The game relies on some intuitive iconography and is 99% language independent (the exception being a few of  the kind kid cards such as the ones that allow the player to take another turn and peek at an unexplored dungeon tile). The iconography and colors make the game accessible and enjoyable for players that may have not yet fully developed their reading skills.

The other thing is there is good representation in the Quest Kids characters--equal numbers of girl and boy characters, different races, etc.

Finally, I did get to see one of the fully-articulated Quest Kid action figures at BGG Spring and it was pretty cool. I'm pretty sure my oldest would play with the action figure outside of the game as much as she played with it in the game.

Based on the what I saw at BGG Spring and in the prototype copy I received for review, I do not have any concerns over the quality of the art or components. 

Strengths and Weaknesses:
As described in the introduction, I think that it is important for The Quest Kids, as kid's content, to be reviewed for strengths and weaknesses from both a customer (parent) and consumer (kids) viewpoint. So I'm bringing in the experts (my kids). I will ask for their opinions on differing things that I viewed as strengths and weaknesses as well as give them an opportunity to include their own thoughts on whatever their minds go to. I'll designate the differing thoughts as Parent (my thoughts), Kid 1 (8 year old female) and Kid 2 (5 year old male). I will edit their thoughts only for clarity.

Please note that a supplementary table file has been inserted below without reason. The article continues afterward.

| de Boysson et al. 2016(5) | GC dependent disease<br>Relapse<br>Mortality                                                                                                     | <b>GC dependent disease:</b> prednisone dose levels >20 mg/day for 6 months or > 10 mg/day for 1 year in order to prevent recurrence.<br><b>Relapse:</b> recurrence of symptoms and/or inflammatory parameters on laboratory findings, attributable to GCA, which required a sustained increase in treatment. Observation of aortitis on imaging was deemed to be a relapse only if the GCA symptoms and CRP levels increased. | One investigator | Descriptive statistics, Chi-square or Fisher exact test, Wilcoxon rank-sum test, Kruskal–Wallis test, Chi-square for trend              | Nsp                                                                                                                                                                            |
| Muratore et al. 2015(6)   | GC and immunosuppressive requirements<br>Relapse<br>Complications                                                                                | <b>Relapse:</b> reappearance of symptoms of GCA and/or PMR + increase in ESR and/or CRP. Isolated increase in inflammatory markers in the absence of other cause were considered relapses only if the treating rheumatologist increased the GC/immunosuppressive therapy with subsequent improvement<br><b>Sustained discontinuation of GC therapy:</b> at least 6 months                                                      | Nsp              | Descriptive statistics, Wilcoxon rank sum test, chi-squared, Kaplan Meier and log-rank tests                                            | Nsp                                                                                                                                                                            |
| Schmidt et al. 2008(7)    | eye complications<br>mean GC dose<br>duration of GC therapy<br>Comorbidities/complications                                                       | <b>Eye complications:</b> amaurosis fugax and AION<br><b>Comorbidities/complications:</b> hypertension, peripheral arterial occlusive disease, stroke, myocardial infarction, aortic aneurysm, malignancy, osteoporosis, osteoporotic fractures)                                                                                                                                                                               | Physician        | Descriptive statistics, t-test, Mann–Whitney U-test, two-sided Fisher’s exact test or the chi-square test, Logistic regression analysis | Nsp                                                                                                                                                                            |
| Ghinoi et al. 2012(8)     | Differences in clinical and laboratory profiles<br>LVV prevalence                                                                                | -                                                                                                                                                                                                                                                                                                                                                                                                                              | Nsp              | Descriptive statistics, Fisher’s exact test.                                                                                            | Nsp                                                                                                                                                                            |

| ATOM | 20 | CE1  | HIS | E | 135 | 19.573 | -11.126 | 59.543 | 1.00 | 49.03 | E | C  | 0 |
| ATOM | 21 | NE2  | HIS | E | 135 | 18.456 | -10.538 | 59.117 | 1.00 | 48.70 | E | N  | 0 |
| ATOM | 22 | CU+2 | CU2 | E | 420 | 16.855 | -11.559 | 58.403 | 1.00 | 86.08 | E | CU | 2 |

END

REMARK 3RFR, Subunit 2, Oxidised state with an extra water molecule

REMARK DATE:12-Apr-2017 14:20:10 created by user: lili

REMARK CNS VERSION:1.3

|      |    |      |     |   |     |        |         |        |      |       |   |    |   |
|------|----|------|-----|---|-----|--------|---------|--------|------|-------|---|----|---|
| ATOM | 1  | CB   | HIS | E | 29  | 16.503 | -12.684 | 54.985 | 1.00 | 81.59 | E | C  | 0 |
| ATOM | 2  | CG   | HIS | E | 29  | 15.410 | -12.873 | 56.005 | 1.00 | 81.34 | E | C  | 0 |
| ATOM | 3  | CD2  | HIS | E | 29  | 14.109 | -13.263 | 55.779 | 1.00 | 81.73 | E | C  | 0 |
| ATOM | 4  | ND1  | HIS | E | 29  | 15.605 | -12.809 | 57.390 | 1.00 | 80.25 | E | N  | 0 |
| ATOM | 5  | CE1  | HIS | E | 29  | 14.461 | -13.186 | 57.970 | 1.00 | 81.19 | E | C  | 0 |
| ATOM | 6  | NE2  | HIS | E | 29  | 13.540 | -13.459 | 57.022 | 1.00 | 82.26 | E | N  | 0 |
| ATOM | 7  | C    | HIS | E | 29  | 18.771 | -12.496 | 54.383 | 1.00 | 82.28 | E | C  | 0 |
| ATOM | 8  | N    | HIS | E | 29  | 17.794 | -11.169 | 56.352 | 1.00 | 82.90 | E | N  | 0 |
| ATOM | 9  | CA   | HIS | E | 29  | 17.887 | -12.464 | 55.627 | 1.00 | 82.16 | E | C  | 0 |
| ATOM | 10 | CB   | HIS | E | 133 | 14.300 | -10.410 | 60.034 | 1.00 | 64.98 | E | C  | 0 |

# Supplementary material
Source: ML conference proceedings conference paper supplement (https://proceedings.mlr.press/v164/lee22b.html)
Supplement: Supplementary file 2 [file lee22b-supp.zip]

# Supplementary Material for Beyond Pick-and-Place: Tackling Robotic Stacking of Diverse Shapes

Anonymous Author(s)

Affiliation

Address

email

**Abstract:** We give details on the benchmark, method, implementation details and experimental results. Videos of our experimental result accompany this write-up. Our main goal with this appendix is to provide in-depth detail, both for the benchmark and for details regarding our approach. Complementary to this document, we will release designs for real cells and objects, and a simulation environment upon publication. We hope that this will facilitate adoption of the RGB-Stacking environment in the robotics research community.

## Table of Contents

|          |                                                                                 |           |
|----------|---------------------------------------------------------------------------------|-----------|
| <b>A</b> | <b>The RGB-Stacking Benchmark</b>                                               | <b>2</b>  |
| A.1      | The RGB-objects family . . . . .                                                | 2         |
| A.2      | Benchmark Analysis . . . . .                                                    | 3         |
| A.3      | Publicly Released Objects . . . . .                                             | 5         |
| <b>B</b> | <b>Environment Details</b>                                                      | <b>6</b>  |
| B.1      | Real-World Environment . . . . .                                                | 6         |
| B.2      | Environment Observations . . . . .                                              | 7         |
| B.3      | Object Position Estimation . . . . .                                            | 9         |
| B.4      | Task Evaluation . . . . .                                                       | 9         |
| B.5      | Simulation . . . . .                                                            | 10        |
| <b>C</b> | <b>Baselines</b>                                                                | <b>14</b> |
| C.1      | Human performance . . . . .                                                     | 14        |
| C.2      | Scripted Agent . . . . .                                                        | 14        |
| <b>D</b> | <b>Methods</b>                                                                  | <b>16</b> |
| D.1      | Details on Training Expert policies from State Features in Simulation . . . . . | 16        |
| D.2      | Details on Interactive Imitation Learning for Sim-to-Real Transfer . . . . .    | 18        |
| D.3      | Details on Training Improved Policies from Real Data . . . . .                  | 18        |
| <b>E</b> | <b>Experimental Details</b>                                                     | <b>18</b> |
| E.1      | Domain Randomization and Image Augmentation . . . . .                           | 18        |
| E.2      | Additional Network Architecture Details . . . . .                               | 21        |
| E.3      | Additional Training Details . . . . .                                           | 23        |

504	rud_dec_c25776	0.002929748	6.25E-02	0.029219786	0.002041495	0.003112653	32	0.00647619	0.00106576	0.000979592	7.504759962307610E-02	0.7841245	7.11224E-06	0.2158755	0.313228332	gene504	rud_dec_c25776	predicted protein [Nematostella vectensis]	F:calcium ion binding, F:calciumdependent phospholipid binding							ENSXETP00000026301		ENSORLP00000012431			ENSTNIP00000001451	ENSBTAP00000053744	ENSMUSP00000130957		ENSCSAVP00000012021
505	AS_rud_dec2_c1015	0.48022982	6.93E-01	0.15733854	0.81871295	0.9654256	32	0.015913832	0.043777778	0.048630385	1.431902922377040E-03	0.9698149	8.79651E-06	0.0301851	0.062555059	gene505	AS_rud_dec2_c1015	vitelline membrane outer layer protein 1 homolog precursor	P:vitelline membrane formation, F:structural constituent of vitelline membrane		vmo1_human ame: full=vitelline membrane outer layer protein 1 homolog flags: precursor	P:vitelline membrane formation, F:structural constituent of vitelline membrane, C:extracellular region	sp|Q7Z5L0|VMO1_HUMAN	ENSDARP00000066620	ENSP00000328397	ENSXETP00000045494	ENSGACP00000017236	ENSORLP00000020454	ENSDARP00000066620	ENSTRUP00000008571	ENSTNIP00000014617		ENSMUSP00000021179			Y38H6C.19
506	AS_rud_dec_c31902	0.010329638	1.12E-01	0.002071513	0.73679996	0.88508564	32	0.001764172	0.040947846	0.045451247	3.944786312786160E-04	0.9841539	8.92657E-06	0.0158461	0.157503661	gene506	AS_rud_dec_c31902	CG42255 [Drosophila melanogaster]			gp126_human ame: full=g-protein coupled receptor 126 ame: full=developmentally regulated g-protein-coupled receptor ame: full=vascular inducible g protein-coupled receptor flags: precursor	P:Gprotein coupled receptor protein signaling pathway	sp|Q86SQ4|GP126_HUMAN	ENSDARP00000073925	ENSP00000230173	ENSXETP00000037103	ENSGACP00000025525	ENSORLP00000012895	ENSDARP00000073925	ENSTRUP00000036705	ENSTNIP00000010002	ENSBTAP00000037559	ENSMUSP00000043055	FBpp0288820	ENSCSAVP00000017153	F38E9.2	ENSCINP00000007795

Parent: One of the best things about this game is how it uses the iconography and color schemes to make the game accessible to younger players. Aside from the two kind kid cards mentioned under game play, there isn't a reading requirement for players (campaign mode notwithstanding).

Kid 1: The pictures (iconography) make the game easier, because you know which tiles give you ability cards and which ones cost you ability cards.

Kid 2: The pictures (iconography) say how to beat the Goblin Girls and you give the yellow, red, and purple cards (magic, wisdom, and power).

Parent: The Quest Kids teaches cooperation even though it is a competitive game. The kids quickly understood that the kind kid cards were very important to winning the game and were looking for opportunities to help each other out.

Kid 1: The kind kid cards give you more stars and you get them by helping other people.

Kid 2: You can get help when you fight the Goblin King and they (kind kid cards) give you stars.

Parent: I like the theme and how it was adjusted to a younger audience. Instead of killing and looting bodies, players scare away "baddies" and discover treasure. Even the characters seem to mirror D&D classes with a barbarian type, a fighter, a wizard, and a ranger. The characters, both good and bad, seem to be the most memorable part for my youngest. He remembers the names of some of the baddies and the name of the character that he always chooses.

Kid 1: I like how the characters have different colors and they have the different stones on the cards. Skylar has the purple stone on her axe and it looks really beautiful. Ivy has a green gem on her bow and arrow. On Crash's stick he has a yellow stone. Noah has a blue stone on his sword. And that represents all their colors. I like that there are girl cards so girls can choose to play with girls and don't have to play with the boy characters.

The baddies try to get you, like the Goblin Girls, you have to have the ability cards to beat them.

Kid 2: You fight the bad guys, like The Goblin Girls. And you are the good guys, like Crash.